Lance Armstrong wanted to win but doping got in the way. Jonah Lehrer wanted to rule the book/speaking circuit but plagiarism and lies got in the way. Your advisor has goals too but do you know what gets in the way?
SponsorsSuccess attracts sponsors
- Nike for Lance Armstrong, Tiger Woods, Lolo Jones
- Condé Nast (publisher of Wired and The New Yorker) for Jonah Lehrer
- Big firms for advisors with sales ability
Outsized RewardsIncentives encourage bad behavior — especially when winners get outsized rewards. Being the fastest cyclist in the Tour de France means something. Number two may try harder but why would we pay them with our ever-so-scarce attention? There’s such pressure to win … at all costs.
Lolo Jones had sponsors like Red Bull and Oakley but didn't win a medal in the 2012 Olympics. Practicing 12 years for a 12 second race and losing? That's not compelling. Sponsors may stick by her until the 2016 games or start looking for more promising prospects.
Cheating doesn't seem as serious a crime as getting caught — especially if competitors might be flexible with the rules. Unfortunately, passing a drug test does not prove innocence.
Smaller RewardsAdvisors at large firms are commissioned employees. They have rules to follow. In exchange, they get the support of a big brand. How is their performance measured? Revenue, rather than service. They have pressure to perform. For them, doping mean selling products which generate higher revenue (e.g., mutual funds instead of ETFs, whole life insurance instead of term life). They might not make you aware of less expensive alternatives, especially if they don't sell them.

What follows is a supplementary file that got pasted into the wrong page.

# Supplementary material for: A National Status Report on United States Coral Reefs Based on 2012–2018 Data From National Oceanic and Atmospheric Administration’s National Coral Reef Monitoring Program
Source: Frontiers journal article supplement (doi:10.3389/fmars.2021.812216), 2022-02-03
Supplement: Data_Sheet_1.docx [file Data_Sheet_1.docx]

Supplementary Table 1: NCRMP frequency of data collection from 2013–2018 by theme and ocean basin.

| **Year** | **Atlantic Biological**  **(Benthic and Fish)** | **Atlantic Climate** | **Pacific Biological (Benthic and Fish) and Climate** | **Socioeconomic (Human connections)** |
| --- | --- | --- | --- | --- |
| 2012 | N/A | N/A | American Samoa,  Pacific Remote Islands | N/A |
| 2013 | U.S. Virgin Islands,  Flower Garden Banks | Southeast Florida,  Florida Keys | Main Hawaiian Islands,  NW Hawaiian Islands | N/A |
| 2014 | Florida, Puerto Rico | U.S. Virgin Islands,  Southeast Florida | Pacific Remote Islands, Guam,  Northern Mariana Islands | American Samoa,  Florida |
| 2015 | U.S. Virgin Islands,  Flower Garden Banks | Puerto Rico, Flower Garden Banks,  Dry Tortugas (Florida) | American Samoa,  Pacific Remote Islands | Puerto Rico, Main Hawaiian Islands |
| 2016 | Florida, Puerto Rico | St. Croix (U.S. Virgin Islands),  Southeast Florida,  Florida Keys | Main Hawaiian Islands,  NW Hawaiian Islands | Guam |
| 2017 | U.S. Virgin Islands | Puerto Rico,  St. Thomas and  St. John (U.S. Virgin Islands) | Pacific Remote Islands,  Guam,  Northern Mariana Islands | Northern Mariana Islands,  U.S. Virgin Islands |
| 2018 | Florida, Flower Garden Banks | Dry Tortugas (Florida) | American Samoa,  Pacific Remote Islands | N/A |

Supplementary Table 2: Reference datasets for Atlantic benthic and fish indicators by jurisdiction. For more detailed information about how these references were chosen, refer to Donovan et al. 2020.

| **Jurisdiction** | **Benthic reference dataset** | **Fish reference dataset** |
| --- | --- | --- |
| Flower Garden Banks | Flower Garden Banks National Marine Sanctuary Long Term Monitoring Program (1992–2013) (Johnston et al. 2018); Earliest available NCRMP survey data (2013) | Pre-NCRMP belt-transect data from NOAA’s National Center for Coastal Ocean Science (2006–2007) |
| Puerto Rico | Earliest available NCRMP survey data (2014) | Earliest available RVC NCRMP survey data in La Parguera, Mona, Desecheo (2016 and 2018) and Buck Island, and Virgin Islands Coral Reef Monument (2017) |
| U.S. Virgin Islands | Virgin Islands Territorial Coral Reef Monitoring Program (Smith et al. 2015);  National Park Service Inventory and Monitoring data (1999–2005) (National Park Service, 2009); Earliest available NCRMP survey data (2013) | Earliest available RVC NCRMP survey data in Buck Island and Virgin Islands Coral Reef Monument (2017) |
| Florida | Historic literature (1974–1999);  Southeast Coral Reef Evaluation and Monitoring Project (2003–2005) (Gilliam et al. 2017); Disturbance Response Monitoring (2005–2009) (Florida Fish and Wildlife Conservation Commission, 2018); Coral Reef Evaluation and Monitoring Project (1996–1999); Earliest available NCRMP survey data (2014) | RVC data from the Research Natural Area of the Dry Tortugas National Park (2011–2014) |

The TruthThe truth about what Lance did may never be known. The suspicions will remain and taint the innocent.
While the financial sector ranks at the bottom in trust (Edelman Trust Barometer 2012), there are good advisors and good firms. The onus is on them to show they are exceptions. We can't spot the worthy without transparency. This starts with the advisors.
Penn and Teller reveal the magic behind the magic as only insiders can. Advisors can be transparent too. They can reveal the tricks and show that they don't use them. For instance, by
- showing what they are licensed to sell
- showing all forms of compensation they receive (including referral incentives)
- showing the magnitude of the compensation (e.g., a pie chart showing the percentages from different sources)
- showing what others leave out
The Saddest PartAs spectators, we reward the best. As consumers, we compromise. We'll pick an advisor without knowing their performance. Yet an advisor has a much bigger impact in our lives. We don't need the best in the world, but what's wrong with rewarding advisors who are among the best in serving their clients where you live?
- Lose trust and you're lost: five crucial steps Lance Armstrong didn't take (Forbes, Jan 22, 2013) (new)
- The apology Lance Armstrong will never give (National Post, Oct 23, 2012) (new)
- Lance Armstrong loses (almost) everything (Slate, Aug 24, 2012)
- How Armstrong could ‘get away with stuff with everybody looking’ (Wired, Aug 24, 2012)
- Lance Armstrong was defiant until his “best bro” spilt the beans (DNA, Aug 25, 2012)
- Lance Armstrong doping scandal: Q&A (The Guardian, Aug 24, 2012)
- Lance Armstrong accepts punishment, but not guilt (Businessweek, Aug 24, 2012)
- Sponsors backing, not backing away from, Armstrong (New York Times, Aug 24, 2012)
- Lolo Jones’ saga in London part of bigger story (ESPN, Aug 23, 2012)
- 1/100th of a second faster: building better Olympic athletes (Wired, Jun 2012)
- How sorry is Jonah Lehrer for his plagiarism and lies?
- Imagine your advisor in the Olympics
- image courtesy of Carol Wingert
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PS Lance could apologize and tell the truth.